We found this posted on a website for health professionals called Clinical Advisor - it’s by Angela Lambing MSN, NP, who describes how a social worker successfully used guided imagery with a patient to allay her terror of a needle biopsy procedure.
“As always, prior to a diagnostic bone marrow biopsy, I provide informed consent including the reasons for the procedure as well as the risks. This particular patient was anxious, but I was not fully aware just how anxious. After prepping the area, I provided adequate local anesthesia. I checked with the patient and tested the area to ensure that the area was indeed anesthetized locally.
“When I inserted the needle, the patient screamed to the heavens! Even our social worker heard it 100 yards away. Needless to say, I was shocked by her response.
Researchers in nursing from the University of Toronto investigated whether relaxation through guided imagery could reduce blood pressure in hypertensive pregnant women, as it does in non-pregnant women, with this feasibility study.
A total of 69 pregnant women with hypertension were randomized to either a guided imagery intervention or quiet rest, twice daily for 4 weeks or until delivery, whichever came first. Daytime ambulatory mean arterial pressure, systolic and diastolic blood pressure, and anxiety were measured weekly (for up to four weeks).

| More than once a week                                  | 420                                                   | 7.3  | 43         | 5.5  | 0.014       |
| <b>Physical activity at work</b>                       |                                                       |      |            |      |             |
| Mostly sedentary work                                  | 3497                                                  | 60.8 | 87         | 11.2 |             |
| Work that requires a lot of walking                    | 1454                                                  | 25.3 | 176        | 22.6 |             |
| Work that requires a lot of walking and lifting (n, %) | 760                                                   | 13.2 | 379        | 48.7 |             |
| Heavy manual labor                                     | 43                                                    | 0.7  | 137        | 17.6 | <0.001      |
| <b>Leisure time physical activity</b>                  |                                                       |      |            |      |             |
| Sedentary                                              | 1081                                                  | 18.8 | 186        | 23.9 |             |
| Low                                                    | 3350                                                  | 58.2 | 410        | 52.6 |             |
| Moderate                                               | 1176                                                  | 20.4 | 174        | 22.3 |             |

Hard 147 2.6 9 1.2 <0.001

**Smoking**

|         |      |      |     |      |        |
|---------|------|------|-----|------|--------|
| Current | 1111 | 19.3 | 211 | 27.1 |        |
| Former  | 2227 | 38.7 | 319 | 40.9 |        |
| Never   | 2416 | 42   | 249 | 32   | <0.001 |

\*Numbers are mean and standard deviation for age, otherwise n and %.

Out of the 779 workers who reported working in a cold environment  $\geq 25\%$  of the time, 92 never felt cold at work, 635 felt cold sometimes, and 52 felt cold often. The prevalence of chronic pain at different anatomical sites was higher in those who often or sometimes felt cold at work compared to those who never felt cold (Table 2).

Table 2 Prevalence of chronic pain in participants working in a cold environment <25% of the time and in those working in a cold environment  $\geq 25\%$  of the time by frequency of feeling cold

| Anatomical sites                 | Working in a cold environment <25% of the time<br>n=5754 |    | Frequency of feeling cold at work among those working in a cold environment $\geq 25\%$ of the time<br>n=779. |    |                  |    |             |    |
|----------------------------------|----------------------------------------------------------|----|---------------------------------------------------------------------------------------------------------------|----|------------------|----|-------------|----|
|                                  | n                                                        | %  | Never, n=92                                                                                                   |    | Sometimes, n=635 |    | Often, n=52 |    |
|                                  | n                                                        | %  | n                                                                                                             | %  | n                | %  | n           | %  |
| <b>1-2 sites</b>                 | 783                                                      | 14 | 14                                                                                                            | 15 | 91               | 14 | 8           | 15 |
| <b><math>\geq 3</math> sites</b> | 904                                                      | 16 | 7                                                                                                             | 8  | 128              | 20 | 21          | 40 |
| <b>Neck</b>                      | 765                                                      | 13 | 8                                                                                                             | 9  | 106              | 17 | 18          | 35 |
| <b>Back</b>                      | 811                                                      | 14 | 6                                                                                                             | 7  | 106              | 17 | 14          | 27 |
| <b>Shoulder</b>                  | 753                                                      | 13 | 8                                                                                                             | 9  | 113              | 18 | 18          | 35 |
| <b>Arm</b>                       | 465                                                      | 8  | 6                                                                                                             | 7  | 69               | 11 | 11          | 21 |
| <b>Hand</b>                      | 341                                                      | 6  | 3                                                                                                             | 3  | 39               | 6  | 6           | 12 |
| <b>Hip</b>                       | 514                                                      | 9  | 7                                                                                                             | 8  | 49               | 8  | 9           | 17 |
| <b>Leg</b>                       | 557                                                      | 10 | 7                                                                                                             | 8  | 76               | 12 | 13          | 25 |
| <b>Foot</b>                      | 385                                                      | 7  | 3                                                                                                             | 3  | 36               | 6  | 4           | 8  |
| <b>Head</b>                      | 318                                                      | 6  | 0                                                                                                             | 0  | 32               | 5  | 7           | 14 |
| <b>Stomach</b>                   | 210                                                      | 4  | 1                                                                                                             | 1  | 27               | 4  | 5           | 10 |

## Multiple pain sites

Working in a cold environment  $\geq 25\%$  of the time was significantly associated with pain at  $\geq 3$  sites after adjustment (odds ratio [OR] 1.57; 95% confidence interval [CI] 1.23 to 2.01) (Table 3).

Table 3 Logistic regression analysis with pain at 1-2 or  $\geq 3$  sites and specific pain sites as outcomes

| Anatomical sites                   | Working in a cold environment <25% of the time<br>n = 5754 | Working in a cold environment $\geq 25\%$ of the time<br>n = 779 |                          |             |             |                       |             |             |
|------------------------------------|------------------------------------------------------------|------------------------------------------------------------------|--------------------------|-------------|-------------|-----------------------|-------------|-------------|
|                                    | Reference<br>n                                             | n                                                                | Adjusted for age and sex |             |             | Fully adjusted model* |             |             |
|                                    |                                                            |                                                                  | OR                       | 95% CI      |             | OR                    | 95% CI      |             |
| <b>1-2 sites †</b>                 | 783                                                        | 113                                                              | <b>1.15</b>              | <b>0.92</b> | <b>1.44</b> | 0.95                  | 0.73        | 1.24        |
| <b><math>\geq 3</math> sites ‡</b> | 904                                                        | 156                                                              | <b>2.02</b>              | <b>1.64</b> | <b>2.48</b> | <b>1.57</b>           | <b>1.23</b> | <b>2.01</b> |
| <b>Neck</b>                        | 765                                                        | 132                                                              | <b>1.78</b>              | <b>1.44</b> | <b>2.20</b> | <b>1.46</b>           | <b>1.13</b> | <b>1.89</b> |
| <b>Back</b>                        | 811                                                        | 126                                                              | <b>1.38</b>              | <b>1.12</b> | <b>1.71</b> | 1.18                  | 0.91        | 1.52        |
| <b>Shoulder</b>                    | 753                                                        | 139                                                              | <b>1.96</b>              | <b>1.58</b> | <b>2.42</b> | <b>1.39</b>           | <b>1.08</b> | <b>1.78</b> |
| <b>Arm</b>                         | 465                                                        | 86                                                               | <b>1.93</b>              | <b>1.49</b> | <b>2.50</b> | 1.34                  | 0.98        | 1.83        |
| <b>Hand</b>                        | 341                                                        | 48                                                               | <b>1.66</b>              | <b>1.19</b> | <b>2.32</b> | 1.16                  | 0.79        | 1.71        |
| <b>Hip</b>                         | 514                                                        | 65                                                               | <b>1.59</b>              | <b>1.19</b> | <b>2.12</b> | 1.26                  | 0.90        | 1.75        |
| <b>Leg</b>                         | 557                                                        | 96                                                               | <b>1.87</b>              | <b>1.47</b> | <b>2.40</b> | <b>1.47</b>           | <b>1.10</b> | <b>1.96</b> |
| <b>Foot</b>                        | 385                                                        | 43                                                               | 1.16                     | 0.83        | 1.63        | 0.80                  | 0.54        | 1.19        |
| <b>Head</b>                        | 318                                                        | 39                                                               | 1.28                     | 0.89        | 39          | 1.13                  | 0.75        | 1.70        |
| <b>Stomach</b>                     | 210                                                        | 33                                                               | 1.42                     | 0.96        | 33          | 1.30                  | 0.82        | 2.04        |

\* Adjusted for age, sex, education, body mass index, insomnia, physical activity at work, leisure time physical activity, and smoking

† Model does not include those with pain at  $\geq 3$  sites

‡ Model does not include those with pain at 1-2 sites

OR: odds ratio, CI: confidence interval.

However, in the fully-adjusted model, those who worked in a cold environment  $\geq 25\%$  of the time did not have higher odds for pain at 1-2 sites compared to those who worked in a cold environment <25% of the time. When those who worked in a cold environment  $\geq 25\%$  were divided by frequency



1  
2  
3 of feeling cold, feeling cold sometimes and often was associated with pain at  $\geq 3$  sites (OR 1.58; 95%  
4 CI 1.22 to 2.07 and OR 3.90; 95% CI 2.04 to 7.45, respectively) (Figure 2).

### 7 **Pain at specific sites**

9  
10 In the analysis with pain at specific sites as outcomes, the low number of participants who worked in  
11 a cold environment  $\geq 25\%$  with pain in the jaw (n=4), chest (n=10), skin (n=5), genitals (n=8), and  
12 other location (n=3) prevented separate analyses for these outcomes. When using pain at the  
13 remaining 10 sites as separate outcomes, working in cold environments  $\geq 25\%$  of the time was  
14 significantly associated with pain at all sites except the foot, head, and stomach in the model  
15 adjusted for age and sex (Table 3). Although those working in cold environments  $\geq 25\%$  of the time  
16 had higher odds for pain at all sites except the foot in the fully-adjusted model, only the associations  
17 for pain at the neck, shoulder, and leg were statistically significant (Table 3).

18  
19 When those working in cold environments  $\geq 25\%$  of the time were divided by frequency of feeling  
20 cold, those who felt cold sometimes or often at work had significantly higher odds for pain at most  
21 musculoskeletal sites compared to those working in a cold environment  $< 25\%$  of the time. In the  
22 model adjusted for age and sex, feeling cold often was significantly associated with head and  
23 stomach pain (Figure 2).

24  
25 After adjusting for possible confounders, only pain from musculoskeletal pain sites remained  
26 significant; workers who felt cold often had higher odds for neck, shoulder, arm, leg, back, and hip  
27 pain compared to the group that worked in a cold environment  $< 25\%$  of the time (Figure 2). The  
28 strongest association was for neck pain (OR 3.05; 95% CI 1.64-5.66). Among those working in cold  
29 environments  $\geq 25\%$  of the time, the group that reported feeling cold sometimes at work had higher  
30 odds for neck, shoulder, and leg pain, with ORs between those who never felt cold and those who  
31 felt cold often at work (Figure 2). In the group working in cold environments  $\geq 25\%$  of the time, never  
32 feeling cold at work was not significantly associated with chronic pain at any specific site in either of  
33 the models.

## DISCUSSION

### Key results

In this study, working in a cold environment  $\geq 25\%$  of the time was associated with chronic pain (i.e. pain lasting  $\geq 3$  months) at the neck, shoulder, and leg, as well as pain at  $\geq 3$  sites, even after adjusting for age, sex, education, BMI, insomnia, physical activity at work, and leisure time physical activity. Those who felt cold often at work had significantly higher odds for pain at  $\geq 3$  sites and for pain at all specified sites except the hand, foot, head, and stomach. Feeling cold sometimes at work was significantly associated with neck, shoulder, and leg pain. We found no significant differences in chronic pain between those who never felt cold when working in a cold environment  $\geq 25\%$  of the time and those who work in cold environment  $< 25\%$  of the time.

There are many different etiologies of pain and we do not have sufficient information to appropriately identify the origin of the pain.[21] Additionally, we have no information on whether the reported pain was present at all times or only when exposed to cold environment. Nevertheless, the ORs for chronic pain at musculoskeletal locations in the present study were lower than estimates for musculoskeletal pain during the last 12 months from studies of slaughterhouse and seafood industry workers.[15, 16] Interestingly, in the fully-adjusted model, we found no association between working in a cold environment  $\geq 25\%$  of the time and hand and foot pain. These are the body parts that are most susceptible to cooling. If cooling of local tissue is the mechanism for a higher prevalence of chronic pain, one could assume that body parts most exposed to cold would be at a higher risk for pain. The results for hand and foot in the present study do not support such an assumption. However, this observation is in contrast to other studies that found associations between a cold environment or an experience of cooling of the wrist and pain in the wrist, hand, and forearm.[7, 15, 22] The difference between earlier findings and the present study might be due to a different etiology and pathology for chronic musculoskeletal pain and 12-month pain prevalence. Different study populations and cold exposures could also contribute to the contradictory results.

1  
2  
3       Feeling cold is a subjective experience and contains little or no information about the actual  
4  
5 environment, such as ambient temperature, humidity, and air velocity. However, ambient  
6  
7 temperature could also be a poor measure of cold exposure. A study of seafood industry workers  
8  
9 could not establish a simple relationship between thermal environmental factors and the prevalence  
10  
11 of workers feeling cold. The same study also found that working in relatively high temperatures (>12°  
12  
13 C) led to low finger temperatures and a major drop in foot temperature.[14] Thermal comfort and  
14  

Researchers from St. Vincent's Hospital in Sydney, Australia, measured the efficacy of an internet-based, clinician-assisted, cognitive behavioral treatment program (The Panic Program) for panic disorder (with agoraphobia) as compared to waitlist controls…
Fifty-nine individuals suffering from panic disorder with agoraphobia were randomly assigned to a treatment group or to a waitlist control group. Treatment group participants completed the Panic program, comprising of six on-line lessons, weekly homework assignments, weekly email contact from a psychiatry registrar, and contributed to a moderated online discussion forum with other participants.
You have NO IDEA how timely this post (The Joy of Tossing Clutter) is for me!! I just looked at the HJ site today hoping to find something to help w/ Procrastination because I look around my house...thinking I NEED to clean this junk and paper clutter out!!
Anything already in the HJ library that might help?
Thanks so much for your work, you've blessed my life over and over!
Canadian researchers from the University of Québec in Montréal looked at whether a combined treatment with mostly virtual reality-based (in virtuo) exposure increases phobic children's motivation toward therapy, as compared to children who only receive in vivo exposure. Another objective was to assess their motivation as a predictor of treatment outcome.
Thirty-one arachnophobic participants, aged from 8 to 15 years, were randomly assigned to 1 of 2 treatment conditions: in vivo exposure (graduated, real-life exposure to actual tarantulas) alone or in virtuo (virtual reality first) plus in vivo exposure.
This article doesn’t present research findings, but describes a kind of web-based self-help that has flourished in Australia for some time now, born of necessity, since so many citizens live far from urban centers where most of the “live” mental health services are.
As a result, the Centre for Mental Health Research at Australian National University, in Canberra has developed an e-hub group that delivers automated web interventions (BluePages, MoodGYM, E-Couch and an online bulletin board BlueBoard ) to the public for mental health self-help.